However, the claim of freezing the muscles temporarily would also have to mean that this penetrates deep within the dermis, then to the muscle, causing a type of paralysis similar to Botox. After all it is facial muscle repetition which creates our frown and laugh lines.

So when looking at an actual snake bite where the neurotoxin goes about the work of paralyzing the victim and then killing them, the snake clearly injects venom through its' fangs deep into the muscle, also entering the blood stream. There is nothing topical about this action.

Similarly again, look at Botox, it must be injected into the facial muscles in order to paralyze them, giving the face a frozen look. I mean really, if skin could take up ingredients like EWG (negative aspect) and many large cosmetic firms (positive aspect) want us to believe, then we could slather Botox on our skin and not endure the pain of sticking a needle in our face. In fact, this analogy is something to consider, if you were to stick your hand in a glass of vodka, or whatever is your poison, you should be able to get drunk without having to suffer the empty calories through internal's that theory workin' for ya?

So does common sense dictate this is the new anti aging ingredient? You decide!

For me, I believe snake venom is just another snake oil designed to dupe us into believing this is the next fountain of youth in a jar. But hey, if it sells skin cream, I guess it is okay to overstep federal regulation.....yes?!

Internet Claims Abound

Now along with researching this ingredient, I also located many formulations touting this ingredient and how the skin is tighter, more toned, fewer wrinkles, etc. etc.

Make no mistake, this may be true in regard to the overall emulsion, but let's not pin our hopes on the synthetic snake venom, since toning and tightening of the skin will come from a multitude of other it all depends on what else is in these skin creams.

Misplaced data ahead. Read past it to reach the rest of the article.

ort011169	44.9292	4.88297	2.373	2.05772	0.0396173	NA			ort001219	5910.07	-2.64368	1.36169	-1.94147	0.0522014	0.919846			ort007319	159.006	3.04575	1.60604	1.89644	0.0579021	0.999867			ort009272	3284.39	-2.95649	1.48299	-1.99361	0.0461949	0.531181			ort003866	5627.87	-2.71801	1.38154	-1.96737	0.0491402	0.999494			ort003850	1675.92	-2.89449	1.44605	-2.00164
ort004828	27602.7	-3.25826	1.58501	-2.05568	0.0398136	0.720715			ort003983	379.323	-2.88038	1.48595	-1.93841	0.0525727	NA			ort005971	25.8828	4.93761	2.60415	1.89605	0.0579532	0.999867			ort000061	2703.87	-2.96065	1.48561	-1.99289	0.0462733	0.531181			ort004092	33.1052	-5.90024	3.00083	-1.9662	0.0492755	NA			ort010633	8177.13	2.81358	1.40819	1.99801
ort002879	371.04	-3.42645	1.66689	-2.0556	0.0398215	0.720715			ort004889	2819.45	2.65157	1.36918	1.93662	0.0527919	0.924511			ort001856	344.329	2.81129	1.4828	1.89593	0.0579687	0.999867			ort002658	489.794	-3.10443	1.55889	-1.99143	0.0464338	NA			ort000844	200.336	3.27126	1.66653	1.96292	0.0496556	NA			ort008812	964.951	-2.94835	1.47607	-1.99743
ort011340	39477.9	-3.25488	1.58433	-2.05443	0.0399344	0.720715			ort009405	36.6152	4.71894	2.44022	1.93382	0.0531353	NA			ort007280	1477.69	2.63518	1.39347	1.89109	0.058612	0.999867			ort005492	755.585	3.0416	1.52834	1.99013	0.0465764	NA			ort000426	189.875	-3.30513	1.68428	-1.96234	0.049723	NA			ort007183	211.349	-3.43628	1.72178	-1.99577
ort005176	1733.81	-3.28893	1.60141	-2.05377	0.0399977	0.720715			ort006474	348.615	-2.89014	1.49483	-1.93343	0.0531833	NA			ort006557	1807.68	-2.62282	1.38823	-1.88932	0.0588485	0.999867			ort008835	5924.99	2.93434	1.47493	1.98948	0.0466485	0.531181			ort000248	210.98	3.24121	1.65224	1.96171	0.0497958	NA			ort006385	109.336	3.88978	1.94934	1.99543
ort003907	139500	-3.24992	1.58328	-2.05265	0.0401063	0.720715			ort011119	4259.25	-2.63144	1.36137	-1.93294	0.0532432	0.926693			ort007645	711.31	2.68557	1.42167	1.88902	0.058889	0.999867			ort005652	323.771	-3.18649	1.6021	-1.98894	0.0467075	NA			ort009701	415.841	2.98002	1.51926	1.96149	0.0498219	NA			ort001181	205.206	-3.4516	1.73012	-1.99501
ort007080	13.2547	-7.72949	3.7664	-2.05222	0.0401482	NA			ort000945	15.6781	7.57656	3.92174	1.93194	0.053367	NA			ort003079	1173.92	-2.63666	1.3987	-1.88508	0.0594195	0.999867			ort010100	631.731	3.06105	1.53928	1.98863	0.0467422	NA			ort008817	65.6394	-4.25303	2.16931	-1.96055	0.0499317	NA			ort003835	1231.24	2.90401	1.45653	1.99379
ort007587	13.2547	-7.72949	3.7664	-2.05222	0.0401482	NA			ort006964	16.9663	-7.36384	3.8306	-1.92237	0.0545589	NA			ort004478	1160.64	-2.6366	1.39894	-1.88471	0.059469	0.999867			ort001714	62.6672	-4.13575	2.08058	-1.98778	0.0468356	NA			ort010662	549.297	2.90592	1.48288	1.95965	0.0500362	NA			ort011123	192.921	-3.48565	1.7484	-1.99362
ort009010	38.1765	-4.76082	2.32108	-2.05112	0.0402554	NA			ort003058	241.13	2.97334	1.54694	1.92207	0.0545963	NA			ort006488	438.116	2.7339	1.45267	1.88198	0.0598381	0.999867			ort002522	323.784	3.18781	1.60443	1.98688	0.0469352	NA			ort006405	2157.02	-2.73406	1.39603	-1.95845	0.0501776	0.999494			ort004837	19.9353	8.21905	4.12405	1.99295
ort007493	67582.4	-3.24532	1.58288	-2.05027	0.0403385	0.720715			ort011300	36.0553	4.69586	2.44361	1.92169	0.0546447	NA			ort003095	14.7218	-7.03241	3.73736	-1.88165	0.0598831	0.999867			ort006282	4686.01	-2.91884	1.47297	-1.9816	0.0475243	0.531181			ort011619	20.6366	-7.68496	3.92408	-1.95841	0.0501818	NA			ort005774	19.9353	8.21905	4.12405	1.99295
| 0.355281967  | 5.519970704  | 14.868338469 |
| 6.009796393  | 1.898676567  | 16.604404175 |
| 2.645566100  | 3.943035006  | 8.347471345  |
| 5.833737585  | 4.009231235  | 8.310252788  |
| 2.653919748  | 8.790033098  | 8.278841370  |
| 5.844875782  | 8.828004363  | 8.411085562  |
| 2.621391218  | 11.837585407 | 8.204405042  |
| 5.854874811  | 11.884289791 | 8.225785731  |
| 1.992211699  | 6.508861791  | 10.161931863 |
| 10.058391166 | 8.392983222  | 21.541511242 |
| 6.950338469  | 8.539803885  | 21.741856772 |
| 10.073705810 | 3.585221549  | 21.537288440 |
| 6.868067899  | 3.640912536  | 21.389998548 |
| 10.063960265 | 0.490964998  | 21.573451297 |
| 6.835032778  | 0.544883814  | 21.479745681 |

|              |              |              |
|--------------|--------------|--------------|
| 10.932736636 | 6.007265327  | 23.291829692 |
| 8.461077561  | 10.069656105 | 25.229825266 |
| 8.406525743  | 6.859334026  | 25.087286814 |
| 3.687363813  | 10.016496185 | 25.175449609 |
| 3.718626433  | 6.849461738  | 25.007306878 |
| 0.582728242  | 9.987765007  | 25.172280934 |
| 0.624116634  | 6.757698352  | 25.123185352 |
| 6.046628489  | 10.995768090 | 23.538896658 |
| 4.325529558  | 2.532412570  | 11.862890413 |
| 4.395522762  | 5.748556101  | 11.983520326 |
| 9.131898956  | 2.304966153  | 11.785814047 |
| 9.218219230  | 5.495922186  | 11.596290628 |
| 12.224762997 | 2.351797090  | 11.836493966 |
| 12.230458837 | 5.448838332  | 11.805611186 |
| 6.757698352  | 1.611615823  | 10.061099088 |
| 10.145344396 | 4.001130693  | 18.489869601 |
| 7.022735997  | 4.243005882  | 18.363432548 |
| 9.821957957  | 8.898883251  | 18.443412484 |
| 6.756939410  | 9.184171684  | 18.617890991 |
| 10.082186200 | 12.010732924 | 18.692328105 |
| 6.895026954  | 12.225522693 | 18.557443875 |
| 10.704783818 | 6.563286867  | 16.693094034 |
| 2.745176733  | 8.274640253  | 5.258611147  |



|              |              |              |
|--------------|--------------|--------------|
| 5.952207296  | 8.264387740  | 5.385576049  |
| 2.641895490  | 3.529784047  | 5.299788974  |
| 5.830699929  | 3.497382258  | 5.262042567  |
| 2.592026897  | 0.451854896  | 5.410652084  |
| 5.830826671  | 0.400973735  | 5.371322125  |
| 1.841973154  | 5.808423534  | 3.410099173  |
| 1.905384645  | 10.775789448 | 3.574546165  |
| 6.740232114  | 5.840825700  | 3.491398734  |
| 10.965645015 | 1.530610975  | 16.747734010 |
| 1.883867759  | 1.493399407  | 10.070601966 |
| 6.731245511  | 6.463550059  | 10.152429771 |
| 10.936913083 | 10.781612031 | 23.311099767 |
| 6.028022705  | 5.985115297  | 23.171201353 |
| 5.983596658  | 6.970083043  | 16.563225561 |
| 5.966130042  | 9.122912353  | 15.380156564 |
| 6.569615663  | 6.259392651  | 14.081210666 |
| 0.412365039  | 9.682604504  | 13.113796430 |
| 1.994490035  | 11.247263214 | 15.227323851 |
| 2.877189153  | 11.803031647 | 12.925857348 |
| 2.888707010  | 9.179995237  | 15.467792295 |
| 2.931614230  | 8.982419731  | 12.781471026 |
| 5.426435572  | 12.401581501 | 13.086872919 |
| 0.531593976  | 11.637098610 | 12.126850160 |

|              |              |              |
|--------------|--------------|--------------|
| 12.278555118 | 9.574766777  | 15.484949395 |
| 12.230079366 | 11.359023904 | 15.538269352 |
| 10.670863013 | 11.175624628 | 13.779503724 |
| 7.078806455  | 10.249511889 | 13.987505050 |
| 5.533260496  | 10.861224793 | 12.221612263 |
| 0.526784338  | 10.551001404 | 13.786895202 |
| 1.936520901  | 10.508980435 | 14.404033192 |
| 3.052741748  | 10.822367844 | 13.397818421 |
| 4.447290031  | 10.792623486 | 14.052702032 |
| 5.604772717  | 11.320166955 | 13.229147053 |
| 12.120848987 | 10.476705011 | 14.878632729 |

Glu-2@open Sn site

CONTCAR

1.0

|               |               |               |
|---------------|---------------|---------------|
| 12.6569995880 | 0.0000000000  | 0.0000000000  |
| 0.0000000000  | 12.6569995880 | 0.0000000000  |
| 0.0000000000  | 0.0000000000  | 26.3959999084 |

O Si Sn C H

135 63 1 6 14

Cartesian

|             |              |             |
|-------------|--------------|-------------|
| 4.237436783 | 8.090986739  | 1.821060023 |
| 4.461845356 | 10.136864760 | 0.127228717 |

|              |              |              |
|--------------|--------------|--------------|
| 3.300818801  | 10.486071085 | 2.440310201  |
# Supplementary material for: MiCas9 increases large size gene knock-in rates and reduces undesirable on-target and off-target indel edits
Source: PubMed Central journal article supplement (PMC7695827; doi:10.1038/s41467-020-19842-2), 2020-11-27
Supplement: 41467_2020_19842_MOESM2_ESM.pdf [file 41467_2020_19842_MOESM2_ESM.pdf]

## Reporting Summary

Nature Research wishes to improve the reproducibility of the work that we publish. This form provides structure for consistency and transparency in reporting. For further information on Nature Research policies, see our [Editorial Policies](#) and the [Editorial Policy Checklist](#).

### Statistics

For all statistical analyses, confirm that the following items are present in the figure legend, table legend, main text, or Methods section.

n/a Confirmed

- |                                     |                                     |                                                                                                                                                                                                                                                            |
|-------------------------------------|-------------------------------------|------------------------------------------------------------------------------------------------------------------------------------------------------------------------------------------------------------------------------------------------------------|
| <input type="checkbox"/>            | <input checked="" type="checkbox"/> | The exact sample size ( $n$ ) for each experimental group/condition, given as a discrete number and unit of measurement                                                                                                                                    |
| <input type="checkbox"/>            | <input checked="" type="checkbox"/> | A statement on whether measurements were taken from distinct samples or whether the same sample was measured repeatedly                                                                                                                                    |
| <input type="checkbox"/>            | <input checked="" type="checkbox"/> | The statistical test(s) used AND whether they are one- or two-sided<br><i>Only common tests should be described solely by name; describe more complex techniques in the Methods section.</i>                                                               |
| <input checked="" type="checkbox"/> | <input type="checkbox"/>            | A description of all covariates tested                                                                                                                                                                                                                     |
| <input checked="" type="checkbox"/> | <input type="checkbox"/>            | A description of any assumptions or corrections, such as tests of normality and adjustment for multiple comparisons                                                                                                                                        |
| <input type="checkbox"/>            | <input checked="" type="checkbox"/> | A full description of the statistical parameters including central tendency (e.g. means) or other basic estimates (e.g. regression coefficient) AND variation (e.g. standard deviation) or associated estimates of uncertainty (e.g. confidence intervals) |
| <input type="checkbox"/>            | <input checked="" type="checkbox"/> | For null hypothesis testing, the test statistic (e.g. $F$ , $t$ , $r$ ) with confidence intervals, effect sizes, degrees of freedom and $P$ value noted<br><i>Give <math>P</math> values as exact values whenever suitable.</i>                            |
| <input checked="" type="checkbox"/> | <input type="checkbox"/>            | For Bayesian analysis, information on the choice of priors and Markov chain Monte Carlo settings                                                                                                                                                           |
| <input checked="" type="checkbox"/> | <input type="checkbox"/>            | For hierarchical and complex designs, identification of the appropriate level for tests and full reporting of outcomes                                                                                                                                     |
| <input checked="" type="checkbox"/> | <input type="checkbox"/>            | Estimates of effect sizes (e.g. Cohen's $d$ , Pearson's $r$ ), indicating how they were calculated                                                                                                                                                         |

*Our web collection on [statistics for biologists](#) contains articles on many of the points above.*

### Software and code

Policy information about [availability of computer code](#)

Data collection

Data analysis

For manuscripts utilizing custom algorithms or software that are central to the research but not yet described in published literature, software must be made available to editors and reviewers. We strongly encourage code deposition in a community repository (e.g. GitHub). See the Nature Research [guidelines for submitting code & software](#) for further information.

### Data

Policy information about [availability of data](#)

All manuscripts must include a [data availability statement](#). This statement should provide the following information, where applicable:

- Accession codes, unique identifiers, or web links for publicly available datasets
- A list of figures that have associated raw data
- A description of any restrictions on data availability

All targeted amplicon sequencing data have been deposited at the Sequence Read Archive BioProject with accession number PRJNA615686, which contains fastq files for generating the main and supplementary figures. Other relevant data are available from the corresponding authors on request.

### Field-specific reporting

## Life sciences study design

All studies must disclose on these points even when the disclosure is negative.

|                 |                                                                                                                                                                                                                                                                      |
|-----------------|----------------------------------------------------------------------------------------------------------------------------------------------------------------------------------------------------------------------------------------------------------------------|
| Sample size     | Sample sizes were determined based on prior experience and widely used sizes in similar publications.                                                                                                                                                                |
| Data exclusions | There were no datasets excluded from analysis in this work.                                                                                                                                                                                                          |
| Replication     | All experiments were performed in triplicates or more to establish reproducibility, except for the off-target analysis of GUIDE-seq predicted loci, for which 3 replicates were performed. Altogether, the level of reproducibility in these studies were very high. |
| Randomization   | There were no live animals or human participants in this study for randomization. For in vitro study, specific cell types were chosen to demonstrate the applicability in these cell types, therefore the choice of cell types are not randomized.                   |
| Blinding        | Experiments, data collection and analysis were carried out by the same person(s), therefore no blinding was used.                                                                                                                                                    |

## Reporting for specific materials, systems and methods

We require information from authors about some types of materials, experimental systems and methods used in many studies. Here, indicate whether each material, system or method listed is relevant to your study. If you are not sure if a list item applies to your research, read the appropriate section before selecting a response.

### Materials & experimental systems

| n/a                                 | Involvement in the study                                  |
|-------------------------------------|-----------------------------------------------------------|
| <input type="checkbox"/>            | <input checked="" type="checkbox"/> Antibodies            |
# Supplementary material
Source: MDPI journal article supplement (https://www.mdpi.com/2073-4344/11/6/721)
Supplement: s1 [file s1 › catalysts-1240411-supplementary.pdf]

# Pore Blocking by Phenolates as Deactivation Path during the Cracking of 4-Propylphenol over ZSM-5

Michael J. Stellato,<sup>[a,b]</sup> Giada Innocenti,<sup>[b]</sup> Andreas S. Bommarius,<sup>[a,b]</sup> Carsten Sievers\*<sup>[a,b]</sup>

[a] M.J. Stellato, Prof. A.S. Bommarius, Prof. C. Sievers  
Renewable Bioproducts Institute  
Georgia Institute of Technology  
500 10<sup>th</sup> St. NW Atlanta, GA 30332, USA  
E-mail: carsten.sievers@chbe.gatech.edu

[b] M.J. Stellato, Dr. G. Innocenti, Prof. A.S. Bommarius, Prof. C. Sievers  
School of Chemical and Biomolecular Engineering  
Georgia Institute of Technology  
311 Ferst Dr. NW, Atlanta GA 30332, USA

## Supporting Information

Is It A Drug?

All of the companies I located utilizing this ingredient are also crossing the "drug claim" line with their anti aging, anti wrinkle claims. Making these claims based on the study put out by Pentapharm and using the descriptive SYN-AKE, does not make the claim accurate. Without the FDA approved testing of this ingredient with efficacy numbers stated as they relate to a finished emulsion, like in the studies performed by its' creator, these companies using this ingredient are in violation of FDA and FTC regulations. However, including the creator of this ingredient, there are no monographs present such as "active" on any ingredient deck with percentage of efficacy, warning statements, dosage, intended use and so on, clearly stated on the label, as "drugs" must have. At least I didn't find any on the ones I could locate.

Botox is clearly an injectable drug. Usually administered by a doctor, or plastic surgeon. This equation by those to botox, which are using it in their formulas, is not at all the same thing, yet they go over the edge of making the "drug" claim.

Pentapharm recommends 1-4% added to the solution it is used in. But the question remains for the companies using it....have they tested their emulsion with these ratios and proven that efficacy was retained and results are similar or exacting of the non peer reviewed study of Pentapharm which were performed at 4% ratio? Highly doubtful!

Craze Happy

This is the latest craze and it certainly won't be the last, but topical application means just that,"topical", not into nerves or blood or muscle tissue....but topical..... and, many luxurious skin creams will work to treat the surface of the skin, and only a few of those may go as deep as the dermis with only as much improvement as one cream can accomplish.

Close those purse strings, because this is the new marketing hype surrounding this ingredient, and based strictly on, because it is the new found "craze".